Filed under: Freedom, Intelligence, Iran, Islam, Israel, Law, Middle East, National Security, Terrorism, The United States | Tags: Great Americans, The Iran Deal, Vice President Cheney
Former Vice President Dick Cheney spoke at an event at AEI on September 8, a passionate speech about the nuclear deal with Iran and why it is a complete catastrophe. It’s a long speech, but worth every minute. Mr. Cheney explains clearly why it is such a very, very bad deal.
As for me, I was convinced that we were doomed when I learned that President Obama believes that Iran would never actually use a nuclear weapon. If he actually believes that, no wonder he has been such a complete doormat.
He believes that he can turn the problems of the Middle East over to Iran to solve, and get America out of the region entirely. Iran’s quest for intercontinental ballistic missiles does not concern Mr. Obama who envisions himself making a triumphant trip to Tehran to shake the Supreme Leader’s hand.
The Supreme Leader may not be able to bring himself to sign the deal at all, since he hates Americans so much. Shake hands? Not a chance.
The speech is about 35 minute long, followed by a question and answer period.
Filed under: History, Movies, News, Pop Culture | Tags: Charlton Heston, Civil Rights, conservatives, Entertainment, Great Americans, Hollywood, Second Amendment
As you’ve probably seen or heard, Oscar-winning legend Charlton Heston died in his Beverly Hills home Saturday. He was 84.
I’m a big fan of grand epics and sci-fi, so, like many, I know and love Heston best for his work in The Ten Commandments, Ben Hur (which at 11 Oscars held the record for most Academy Awards for one film until it was recently tied by Titanic and Lord of the Rings), and The Planet of the Apes. And as a conservative I admire his passionate activism in support of gun rights and individual liberty.
But there’s a great deal I didnt know about Heston, and much I had forgotten…
- In addition to playing Moses in The Ten Commandments, Heston also played the voice of God, and his 3 month old son played the baby Moses floating down the Nile.
- Heston was a civil rights activist early in the 60’s, long before it became fashionable, picketing a segregated Oklahoma theater showing one of his own films, and later accompanying Martin Luther King Jr. in the 1963 march in Washington and other marches.
- Long before he became the president of the NRA, he joined Gregory Peck, Kirk Douglas and Jimmy Stewart in supporting President Johnson’s Gun Control Act of 1968.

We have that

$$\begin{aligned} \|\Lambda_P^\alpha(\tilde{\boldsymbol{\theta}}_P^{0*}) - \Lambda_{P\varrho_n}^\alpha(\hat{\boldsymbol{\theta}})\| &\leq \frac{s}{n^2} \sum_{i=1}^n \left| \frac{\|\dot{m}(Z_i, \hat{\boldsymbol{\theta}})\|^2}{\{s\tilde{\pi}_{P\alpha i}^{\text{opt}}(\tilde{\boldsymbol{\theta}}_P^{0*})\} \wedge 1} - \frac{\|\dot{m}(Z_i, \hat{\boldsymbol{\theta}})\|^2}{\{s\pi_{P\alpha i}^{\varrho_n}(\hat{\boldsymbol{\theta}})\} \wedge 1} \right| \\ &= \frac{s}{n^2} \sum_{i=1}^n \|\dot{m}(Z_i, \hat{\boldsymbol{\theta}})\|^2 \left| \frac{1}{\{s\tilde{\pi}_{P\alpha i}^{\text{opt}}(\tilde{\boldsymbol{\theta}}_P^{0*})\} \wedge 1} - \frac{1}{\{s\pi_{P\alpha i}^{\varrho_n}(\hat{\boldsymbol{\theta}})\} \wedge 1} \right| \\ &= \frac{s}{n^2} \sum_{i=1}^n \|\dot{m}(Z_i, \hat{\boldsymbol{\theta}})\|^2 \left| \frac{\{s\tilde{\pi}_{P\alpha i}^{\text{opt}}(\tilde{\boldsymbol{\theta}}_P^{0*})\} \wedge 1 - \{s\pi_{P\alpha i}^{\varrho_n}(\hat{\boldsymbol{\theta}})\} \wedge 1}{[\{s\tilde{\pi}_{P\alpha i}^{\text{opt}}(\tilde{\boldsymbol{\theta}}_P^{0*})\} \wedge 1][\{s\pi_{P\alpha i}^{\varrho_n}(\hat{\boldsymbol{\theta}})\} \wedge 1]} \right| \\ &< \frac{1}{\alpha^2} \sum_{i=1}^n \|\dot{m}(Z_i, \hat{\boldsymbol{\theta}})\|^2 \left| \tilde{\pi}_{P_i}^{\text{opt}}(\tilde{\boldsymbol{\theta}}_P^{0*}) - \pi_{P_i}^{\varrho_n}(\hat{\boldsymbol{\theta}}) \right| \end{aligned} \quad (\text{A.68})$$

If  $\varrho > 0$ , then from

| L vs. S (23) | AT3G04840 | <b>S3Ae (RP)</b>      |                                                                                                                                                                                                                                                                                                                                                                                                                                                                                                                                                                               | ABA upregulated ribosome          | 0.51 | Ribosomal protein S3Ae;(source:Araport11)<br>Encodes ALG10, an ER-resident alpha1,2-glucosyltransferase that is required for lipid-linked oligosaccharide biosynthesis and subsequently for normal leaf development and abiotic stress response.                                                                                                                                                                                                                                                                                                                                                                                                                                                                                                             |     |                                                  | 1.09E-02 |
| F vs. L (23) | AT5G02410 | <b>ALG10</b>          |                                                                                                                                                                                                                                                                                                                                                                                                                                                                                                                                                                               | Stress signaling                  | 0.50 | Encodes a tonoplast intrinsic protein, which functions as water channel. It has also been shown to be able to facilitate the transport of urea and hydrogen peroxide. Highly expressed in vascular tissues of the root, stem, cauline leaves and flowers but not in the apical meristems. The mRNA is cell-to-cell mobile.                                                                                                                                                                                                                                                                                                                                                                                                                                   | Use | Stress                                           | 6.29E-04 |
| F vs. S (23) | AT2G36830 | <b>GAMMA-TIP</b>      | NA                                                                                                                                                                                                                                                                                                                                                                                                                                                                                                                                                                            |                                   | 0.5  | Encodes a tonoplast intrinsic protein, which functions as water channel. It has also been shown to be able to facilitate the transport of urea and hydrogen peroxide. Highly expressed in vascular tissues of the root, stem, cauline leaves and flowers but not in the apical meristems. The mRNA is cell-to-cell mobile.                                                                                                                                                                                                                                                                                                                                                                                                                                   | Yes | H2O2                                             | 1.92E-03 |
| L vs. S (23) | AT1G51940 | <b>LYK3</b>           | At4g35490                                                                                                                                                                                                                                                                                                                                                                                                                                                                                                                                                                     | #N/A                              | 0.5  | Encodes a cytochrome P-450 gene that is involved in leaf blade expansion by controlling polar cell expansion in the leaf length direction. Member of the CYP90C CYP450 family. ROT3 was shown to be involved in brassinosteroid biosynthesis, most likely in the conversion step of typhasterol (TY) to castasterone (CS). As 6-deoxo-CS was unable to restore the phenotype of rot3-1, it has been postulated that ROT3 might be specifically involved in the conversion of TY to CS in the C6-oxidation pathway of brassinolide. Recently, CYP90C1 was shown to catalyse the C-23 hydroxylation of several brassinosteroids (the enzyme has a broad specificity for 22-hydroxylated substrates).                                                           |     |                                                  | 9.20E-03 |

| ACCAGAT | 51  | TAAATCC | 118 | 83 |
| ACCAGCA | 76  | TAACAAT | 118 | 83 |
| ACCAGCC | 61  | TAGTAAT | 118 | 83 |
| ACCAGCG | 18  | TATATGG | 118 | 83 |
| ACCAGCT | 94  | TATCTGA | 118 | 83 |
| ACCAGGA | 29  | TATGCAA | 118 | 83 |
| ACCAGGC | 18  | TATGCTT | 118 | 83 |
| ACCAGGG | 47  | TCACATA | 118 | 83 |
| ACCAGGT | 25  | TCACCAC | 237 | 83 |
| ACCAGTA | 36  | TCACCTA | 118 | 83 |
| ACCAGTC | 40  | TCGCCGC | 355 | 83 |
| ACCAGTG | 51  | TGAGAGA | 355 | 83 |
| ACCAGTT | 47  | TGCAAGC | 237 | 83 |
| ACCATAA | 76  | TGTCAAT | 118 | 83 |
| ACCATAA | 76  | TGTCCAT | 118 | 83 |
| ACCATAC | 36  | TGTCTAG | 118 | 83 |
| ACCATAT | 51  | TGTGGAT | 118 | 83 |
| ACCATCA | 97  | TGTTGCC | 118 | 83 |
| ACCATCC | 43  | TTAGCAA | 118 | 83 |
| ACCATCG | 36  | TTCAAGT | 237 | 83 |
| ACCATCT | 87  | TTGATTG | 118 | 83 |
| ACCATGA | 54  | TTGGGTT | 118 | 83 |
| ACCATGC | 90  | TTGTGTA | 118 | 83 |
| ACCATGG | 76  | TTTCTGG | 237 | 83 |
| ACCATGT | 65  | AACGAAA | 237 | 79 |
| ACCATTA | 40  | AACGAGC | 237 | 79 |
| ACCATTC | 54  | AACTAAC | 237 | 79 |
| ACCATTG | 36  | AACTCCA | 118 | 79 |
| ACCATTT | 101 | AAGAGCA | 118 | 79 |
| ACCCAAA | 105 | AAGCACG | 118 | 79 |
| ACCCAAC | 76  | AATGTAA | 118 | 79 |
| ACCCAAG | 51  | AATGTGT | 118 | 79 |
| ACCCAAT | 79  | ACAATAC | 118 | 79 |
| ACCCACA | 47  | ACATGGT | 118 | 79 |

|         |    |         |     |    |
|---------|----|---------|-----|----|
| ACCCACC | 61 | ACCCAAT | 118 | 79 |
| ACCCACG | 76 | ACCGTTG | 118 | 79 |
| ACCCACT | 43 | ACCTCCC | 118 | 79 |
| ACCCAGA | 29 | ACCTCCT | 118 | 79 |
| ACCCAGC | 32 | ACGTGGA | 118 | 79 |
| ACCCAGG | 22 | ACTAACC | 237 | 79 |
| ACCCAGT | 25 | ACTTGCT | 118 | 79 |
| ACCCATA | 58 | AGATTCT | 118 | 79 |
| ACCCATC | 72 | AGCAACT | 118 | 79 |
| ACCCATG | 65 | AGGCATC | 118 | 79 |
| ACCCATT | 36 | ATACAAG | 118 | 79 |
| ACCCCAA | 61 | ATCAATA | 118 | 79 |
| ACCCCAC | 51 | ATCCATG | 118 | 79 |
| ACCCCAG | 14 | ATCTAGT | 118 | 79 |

- Contrary to almost every article that I’ve seen that has tried to portray his conservatism and active support for gun rights as a great departure from his civil-rights activism, Heston knew there was no contradiction. Heston said of his support for conservative causes that he was promoting freedom, “in the truest sense.”
- In addition to his long, legendary acting career which spanned more than 60 years and included more than 120 performances in Film, Television, Radio and on Broadway, Heston also wrote and directed Antony and Cleopatra,
- He served in the Air Force in WWII as a B-52 radio operator and gunner and was promoted to the rank of Staff Sergeant.
- He not only served famously as the outspoken and unapologetic president of the NRA, but also as president of the Screen Actors Guild.
- Heston was named, “Commandor in the Arts and Letters Order” by French minister of culture in 1997, and awarded the Presidential Medal of Freedom by President Bush in 2003.
- His favorite performance on screen was as the aging cowboy Will Penny, in the 1968 film of the same name.
- Heston has said one of his proudest moments was when he used his status as a stock-holder in Time Warner to march into a stockholders meeting where he read aloud the lyrics from the song Cop Killer by Ice-T and shamed the conglomerate into firing the rapper and dropping the album for which Ice T threatened to kill him. Heston’s response was reportedly, “let him try.”
Charlton Heston was much more than a legendary actor. As his family said, he was, “an adoring husband, a kind and devoted father, and a gentle grandfather, with an infectious sense of humor.” He was also a great American. When he died Saturday, it was with his loving wife Lydia at his side. They had been married for sixty-four years.
Rest in peace Mr. Heston. God bless and comfort your family and many loved ones.